Optical Networks - _10_1 Cost Trade-Offs_ A Detailed Ring Network Exam_117

Optical Networks - _10_1 Cost Trade-Offs_ A Detailed Ring Network Exam_117

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10.1 Cost Trade-Offs: A Detailed Ring Network Example 577 wavelengths to be provided on each link, in Section 10.3. We discuss statistical dimensioning methods in Section 10.4. In Section 10.5, we examine a number of re- search results that have been obtained regarding the trade-offs between OXCs with and without wavelength conversion capability. (We will discuss a practical long-haul network design example in Section 13.2.6.) 10.1 Cost Trade-Offs: A Detailed Ring Network Example In this section, we will study the cost trade-offs in designing networks in different ways to meet the same traffic demand by varying the lightpath topology. We will consider the trade-offs between the cost of the higher-layer equipment and the optical layer equipment. We measure the higher-layer equipment cost by the number of IP router ports (or SONET line terminals). The number of IP router ports required is equal to twice the number of lightpaths that need to be established since each light- path connects a pair of IP router ports. An important component of the optical layer cost is the number of transponders required in the OLTs and OADMs. Since every lightpath requires a pair of transponders, we club the cost of the transponders with that of the higher-layer equipment. This also covers the case where the transponders are present within the higher-layer equipment (see Figure 7.2). We measure the re- mainder of the cost of the optical layer equipment by the number of wavelengths used on a link. Network topologies are usually designed to be 2-connected, that is, to have two node-wise disjoint routes between every pair of nodes in the network. While fiber mesh topologies that are arbitrary, but 2-connected, are more cost-efficient for large networks than fiber ring topologies, the latter have been widely deployed and are good for a network that does not have a wide geographic spread. For this reason we will consider fiber ring topologies in this section. There is a wide deployment of rings in part because a ring connecting N nodes has the minimum possible number of links (only N ) for a network that is 2-connected, and thus tends to have a low fiber deployment cost. We will consider a traffic matrix where t units of traffic are to be routed from one IP router to all other IP routers in the network. We denote the number of nodes in the network by N and assume the traffic is uniform; that is, t/(N 1 ) units of traffic are to be routed between every pair of IP routers. For normalization purposes, the capacity of a wavelength is assumed to be one unit. As in the three-node linear topology above, we divide the network design problem into two: the LTD and RWA problems. We will consider three different lightpath topologies, all of which are capable of meeting the traffic requirements. The general form of these topologies is shown in Figure 10.3.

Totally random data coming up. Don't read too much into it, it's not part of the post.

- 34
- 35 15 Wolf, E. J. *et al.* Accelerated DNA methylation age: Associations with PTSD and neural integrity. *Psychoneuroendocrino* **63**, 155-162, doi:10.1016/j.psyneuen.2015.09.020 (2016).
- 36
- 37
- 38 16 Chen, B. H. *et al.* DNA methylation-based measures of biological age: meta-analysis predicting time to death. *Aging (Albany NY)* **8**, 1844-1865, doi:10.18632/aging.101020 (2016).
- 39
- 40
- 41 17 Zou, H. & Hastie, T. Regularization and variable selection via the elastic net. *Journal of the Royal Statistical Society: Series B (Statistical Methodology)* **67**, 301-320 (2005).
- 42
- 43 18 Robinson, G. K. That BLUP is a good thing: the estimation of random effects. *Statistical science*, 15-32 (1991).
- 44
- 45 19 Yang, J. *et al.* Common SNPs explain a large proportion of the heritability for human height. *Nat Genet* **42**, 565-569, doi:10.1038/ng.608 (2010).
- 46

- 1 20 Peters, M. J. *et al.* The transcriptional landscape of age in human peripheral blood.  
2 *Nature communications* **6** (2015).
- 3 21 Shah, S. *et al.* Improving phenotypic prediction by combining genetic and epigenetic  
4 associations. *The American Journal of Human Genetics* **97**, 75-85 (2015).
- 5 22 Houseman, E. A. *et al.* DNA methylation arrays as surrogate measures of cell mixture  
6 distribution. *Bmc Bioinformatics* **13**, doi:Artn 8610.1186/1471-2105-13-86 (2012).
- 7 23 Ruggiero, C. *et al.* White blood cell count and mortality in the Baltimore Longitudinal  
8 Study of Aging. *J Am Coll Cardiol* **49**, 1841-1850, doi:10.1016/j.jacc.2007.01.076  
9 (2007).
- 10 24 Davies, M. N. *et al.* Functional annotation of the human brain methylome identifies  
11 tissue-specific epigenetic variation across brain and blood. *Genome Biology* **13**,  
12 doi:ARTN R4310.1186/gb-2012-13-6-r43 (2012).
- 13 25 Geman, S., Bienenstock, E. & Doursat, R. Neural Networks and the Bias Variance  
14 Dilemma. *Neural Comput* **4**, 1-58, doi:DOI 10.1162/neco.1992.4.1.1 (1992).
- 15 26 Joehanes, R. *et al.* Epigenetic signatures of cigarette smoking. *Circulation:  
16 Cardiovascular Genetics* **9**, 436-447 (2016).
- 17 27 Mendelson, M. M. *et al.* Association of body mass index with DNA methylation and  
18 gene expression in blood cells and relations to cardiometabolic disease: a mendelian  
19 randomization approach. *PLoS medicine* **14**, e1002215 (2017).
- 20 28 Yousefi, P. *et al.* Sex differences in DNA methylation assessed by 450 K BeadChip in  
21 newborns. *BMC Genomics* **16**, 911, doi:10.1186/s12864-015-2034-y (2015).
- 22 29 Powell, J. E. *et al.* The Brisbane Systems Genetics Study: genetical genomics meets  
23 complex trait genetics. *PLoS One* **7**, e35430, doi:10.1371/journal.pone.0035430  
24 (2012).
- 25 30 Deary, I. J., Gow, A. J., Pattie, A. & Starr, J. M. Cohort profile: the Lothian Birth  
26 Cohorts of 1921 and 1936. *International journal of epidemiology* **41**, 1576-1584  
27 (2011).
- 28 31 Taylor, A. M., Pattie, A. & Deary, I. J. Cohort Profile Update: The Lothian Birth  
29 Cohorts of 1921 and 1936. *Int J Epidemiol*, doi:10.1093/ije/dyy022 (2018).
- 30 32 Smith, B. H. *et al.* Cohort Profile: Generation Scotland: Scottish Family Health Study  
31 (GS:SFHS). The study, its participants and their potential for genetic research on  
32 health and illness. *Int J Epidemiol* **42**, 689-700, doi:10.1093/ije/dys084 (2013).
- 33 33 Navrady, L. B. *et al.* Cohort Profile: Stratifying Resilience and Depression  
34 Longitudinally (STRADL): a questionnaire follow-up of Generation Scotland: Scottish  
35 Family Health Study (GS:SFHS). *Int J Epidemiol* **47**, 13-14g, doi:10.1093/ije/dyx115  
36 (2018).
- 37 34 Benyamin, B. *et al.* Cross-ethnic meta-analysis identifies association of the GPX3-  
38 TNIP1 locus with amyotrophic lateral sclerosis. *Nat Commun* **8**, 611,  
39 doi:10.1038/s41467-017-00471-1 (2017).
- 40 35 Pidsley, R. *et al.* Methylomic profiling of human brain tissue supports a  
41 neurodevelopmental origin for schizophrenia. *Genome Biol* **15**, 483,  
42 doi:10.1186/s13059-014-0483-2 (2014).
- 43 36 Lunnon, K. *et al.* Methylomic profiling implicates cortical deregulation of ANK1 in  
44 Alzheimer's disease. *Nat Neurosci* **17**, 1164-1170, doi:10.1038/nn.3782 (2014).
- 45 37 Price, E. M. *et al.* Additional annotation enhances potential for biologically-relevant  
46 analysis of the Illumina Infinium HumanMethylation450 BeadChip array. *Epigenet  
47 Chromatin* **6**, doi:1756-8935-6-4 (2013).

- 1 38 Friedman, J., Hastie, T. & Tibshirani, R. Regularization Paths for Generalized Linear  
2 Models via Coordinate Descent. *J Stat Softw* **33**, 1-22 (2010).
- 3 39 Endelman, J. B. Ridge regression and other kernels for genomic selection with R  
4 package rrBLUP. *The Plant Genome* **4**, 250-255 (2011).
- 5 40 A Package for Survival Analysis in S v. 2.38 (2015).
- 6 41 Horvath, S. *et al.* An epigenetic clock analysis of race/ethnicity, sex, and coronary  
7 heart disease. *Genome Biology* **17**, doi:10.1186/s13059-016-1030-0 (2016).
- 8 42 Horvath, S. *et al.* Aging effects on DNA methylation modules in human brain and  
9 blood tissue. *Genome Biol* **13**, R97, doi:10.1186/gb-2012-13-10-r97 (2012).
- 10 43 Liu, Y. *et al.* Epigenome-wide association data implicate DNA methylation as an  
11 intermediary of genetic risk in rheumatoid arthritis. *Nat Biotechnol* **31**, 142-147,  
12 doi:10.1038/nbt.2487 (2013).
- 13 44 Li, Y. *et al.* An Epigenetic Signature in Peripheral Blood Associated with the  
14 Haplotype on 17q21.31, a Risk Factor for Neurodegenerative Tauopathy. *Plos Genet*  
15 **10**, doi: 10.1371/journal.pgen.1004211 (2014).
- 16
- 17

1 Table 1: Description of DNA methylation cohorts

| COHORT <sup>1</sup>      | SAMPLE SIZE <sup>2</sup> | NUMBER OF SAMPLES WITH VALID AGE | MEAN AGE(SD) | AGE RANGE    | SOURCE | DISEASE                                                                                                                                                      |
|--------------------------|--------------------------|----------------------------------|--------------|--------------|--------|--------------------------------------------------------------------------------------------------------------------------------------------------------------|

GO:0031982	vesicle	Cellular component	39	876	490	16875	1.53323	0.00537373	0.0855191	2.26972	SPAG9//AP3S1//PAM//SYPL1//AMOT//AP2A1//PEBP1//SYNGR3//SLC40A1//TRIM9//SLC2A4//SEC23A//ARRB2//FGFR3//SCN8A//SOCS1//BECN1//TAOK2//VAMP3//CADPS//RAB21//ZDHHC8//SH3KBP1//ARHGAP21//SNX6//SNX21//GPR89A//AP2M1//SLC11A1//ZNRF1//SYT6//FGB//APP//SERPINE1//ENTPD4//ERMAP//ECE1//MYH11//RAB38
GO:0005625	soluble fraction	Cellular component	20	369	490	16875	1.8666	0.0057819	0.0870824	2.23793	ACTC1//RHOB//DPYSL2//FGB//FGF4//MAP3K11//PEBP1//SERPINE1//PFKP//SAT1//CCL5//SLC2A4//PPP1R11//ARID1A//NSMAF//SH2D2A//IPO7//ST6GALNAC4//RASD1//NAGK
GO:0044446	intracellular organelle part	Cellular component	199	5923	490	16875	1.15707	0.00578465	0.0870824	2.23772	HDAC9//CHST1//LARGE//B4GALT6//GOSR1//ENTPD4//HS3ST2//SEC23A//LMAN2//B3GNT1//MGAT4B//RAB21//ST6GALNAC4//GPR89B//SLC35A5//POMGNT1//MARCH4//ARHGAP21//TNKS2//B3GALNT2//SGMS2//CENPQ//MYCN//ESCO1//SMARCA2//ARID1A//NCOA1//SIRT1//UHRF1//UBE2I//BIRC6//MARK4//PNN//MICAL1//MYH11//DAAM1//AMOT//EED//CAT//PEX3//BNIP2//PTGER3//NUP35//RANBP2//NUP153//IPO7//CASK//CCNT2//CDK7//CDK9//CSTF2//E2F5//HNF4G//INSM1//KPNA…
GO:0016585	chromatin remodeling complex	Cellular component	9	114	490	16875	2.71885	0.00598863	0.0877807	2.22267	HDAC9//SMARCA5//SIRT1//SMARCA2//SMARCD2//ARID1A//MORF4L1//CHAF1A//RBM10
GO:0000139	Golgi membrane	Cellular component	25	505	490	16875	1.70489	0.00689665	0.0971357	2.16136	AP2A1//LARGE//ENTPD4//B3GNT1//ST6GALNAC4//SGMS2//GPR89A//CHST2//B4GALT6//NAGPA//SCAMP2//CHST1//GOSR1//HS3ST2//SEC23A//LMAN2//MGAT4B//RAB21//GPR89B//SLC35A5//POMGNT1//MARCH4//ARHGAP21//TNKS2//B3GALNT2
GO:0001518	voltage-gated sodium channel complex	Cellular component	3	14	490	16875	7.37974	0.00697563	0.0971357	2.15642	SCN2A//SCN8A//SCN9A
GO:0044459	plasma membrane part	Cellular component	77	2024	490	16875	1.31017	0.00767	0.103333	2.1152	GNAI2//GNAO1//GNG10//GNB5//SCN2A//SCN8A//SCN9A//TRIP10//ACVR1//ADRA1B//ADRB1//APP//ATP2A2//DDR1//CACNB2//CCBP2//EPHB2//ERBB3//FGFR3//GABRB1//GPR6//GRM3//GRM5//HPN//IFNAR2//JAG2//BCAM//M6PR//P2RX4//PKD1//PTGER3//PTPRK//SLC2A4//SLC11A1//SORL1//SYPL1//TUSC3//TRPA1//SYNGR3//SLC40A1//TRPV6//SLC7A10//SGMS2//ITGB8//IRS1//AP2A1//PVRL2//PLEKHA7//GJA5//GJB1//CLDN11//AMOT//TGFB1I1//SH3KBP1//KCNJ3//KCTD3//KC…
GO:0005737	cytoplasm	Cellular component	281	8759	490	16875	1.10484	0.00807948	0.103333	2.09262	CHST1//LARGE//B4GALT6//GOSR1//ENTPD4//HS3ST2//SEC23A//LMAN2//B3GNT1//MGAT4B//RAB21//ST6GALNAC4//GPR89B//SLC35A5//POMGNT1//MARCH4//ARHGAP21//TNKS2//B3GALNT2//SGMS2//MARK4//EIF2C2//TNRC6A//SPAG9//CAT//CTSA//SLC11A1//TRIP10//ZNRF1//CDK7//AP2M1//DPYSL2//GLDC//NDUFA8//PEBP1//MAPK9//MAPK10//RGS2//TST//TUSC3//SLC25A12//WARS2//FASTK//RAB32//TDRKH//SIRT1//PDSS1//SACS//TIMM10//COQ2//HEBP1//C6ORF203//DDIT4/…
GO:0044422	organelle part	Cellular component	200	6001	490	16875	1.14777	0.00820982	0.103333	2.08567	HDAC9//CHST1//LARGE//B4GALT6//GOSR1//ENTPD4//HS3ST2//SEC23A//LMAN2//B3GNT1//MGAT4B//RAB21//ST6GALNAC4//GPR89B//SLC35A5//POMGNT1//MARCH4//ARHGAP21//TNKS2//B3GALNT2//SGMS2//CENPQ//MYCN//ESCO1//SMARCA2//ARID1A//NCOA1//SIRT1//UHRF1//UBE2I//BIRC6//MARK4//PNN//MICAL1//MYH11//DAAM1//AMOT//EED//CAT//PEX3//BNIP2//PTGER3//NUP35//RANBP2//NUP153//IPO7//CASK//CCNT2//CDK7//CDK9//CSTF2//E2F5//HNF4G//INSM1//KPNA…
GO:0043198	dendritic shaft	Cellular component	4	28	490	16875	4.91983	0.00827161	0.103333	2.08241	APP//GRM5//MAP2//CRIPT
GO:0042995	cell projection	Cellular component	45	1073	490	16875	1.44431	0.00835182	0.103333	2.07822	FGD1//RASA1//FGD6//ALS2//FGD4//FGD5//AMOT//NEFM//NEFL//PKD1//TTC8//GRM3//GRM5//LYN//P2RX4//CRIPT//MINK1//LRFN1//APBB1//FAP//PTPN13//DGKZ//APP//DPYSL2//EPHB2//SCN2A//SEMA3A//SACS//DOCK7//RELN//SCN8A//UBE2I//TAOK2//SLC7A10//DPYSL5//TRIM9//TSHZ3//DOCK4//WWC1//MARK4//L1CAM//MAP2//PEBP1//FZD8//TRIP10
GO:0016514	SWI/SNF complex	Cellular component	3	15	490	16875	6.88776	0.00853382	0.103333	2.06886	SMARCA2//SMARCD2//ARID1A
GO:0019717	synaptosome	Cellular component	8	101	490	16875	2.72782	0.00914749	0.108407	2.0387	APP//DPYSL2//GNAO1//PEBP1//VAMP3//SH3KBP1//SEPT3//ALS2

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578 WDM Network Design A A A B B B C C C Hub D D D (a) (b) (c) Figure 10.3 Three different lightpath topologies that can be deployed over a fiber ring topology. (a) A point-to-point WDM ring where adjacent routers on the ring are
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This note was uploaded on 01/15/2011 for the course ECE 6543 taught by Professor Boussert during the Spring '09 term at Georgia Institute of Technology.

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Optical Networks - _10_1 Cost Trade-Offs_ A Detailed Ring Network Exam_117

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